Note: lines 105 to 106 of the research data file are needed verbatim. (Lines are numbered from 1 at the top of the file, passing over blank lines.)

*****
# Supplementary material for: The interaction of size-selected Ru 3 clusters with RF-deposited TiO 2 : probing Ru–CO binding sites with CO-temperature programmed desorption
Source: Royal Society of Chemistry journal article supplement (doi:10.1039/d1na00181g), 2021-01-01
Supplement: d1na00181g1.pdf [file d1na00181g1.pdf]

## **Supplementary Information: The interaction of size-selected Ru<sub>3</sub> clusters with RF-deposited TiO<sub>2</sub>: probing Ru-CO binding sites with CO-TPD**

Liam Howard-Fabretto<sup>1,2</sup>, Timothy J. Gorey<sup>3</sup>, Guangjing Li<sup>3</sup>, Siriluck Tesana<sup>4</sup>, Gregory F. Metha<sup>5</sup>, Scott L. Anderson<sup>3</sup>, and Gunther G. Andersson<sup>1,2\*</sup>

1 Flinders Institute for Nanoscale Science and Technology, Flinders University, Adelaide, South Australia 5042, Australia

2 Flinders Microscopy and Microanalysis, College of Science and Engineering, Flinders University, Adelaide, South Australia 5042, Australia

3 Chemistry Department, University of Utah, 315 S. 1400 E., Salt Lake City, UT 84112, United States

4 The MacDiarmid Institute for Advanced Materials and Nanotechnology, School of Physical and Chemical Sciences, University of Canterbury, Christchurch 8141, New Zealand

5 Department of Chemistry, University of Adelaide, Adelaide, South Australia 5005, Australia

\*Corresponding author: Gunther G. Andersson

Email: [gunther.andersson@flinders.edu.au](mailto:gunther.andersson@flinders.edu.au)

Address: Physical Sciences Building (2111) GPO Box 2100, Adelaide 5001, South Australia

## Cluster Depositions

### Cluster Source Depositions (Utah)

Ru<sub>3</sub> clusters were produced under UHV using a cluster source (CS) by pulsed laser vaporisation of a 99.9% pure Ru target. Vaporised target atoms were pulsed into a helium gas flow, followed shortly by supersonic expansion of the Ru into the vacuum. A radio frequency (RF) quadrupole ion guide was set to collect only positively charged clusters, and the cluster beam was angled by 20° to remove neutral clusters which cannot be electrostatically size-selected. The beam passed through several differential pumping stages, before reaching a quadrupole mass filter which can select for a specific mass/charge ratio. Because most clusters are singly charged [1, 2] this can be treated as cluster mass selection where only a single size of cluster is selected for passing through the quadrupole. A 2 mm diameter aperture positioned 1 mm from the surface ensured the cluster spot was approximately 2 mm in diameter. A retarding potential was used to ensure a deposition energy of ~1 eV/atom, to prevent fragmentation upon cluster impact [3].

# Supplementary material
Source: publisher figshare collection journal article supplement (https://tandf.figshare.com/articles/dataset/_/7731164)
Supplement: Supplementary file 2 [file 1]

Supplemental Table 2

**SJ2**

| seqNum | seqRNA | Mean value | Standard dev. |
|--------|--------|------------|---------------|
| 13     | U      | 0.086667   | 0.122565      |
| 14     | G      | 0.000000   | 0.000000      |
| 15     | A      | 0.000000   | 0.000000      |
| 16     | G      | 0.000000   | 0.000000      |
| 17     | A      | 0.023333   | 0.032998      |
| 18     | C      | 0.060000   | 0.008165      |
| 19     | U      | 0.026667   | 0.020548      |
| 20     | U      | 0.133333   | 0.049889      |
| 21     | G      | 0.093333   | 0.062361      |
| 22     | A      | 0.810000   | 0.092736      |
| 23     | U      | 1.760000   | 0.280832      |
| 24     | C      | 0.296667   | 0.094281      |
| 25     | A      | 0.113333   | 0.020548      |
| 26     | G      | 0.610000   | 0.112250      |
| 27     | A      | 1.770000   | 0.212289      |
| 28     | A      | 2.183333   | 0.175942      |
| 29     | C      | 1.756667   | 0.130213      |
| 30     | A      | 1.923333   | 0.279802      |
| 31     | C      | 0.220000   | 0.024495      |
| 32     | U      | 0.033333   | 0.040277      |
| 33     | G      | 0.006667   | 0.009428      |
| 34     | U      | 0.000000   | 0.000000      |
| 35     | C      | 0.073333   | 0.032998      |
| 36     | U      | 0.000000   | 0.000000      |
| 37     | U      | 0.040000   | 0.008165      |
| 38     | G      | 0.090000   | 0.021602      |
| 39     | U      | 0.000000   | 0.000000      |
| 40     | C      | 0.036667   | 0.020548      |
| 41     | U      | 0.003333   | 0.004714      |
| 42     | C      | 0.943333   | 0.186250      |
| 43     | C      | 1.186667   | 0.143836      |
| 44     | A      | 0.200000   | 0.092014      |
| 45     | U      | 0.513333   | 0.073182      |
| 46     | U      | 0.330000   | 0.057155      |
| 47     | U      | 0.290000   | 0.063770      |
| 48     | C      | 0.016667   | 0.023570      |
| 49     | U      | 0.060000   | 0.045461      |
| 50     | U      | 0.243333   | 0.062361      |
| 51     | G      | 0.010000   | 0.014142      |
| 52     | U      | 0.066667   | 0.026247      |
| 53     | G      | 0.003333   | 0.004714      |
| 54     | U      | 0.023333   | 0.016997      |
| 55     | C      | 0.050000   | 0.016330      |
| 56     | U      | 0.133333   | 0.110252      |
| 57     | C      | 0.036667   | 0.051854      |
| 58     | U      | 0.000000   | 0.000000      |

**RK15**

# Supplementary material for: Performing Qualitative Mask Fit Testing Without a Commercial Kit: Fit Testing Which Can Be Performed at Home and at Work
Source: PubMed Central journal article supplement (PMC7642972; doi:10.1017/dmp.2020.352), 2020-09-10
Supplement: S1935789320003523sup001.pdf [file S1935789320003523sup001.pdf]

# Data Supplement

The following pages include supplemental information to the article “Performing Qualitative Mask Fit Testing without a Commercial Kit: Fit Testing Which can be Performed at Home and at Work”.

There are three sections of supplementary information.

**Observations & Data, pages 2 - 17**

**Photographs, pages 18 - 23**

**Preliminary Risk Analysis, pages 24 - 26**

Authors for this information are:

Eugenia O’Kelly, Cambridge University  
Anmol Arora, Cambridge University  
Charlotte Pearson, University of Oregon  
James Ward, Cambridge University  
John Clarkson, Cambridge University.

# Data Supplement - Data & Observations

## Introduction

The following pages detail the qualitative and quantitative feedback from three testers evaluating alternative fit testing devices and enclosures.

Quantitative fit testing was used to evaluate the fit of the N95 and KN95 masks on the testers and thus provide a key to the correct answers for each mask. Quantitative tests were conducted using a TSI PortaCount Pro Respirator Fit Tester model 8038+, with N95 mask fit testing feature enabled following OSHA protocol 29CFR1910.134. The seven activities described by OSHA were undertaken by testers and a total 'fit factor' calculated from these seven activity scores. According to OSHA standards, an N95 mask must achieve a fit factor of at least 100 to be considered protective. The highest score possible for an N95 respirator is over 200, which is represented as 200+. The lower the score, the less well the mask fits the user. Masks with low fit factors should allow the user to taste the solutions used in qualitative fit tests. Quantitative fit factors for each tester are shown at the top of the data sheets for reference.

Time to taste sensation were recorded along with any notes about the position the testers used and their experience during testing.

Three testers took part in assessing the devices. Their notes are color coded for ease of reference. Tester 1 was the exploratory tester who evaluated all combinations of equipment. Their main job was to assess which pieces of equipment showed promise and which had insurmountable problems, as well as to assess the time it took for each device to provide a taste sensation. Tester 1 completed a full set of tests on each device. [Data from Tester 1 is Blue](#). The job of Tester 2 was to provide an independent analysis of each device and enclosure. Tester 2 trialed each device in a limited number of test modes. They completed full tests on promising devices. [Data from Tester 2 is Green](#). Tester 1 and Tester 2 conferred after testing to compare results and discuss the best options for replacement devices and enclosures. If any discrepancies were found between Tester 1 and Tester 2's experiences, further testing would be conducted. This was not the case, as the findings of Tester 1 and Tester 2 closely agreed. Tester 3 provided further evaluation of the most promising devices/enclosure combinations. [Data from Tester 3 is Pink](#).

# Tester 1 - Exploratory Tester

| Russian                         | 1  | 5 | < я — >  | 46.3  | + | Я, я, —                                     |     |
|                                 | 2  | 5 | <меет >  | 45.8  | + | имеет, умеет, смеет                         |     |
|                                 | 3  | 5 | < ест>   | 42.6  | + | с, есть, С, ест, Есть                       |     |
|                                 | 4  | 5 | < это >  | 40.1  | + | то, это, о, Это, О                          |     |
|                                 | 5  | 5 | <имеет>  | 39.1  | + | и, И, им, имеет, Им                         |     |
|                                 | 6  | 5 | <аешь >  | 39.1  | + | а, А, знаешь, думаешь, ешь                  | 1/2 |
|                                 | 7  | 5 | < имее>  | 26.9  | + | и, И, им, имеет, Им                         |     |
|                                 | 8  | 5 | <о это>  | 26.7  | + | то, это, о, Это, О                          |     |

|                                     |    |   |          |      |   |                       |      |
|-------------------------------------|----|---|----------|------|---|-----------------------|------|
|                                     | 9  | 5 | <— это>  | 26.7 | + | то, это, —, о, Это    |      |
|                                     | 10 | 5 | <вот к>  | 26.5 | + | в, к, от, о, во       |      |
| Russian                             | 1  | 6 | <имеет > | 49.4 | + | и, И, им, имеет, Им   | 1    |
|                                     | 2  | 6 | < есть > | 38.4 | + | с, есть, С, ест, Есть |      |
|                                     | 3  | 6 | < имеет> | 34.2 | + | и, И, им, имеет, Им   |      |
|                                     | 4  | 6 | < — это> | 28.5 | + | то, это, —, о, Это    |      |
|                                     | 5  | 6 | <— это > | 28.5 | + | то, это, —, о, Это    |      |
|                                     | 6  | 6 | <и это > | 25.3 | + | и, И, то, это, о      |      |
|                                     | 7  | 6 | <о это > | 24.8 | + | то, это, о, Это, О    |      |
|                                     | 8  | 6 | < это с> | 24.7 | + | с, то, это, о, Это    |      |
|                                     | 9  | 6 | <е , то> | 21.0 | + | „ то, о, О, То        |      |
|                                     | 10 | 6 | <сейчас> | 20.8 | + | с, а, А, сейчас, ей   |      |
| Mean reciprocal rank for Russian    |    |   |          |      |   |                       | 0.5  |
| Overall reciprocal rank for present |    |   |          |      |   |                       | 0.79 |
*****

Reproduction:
| Russian                             | 1  | 6 | <имеет > | 49.4 | + | и, И, им, имеет, Им   | 1    |
|                                     | 2  | 6 | < есть > | 38.4 | + | с, есть, С, ест, Есть |      |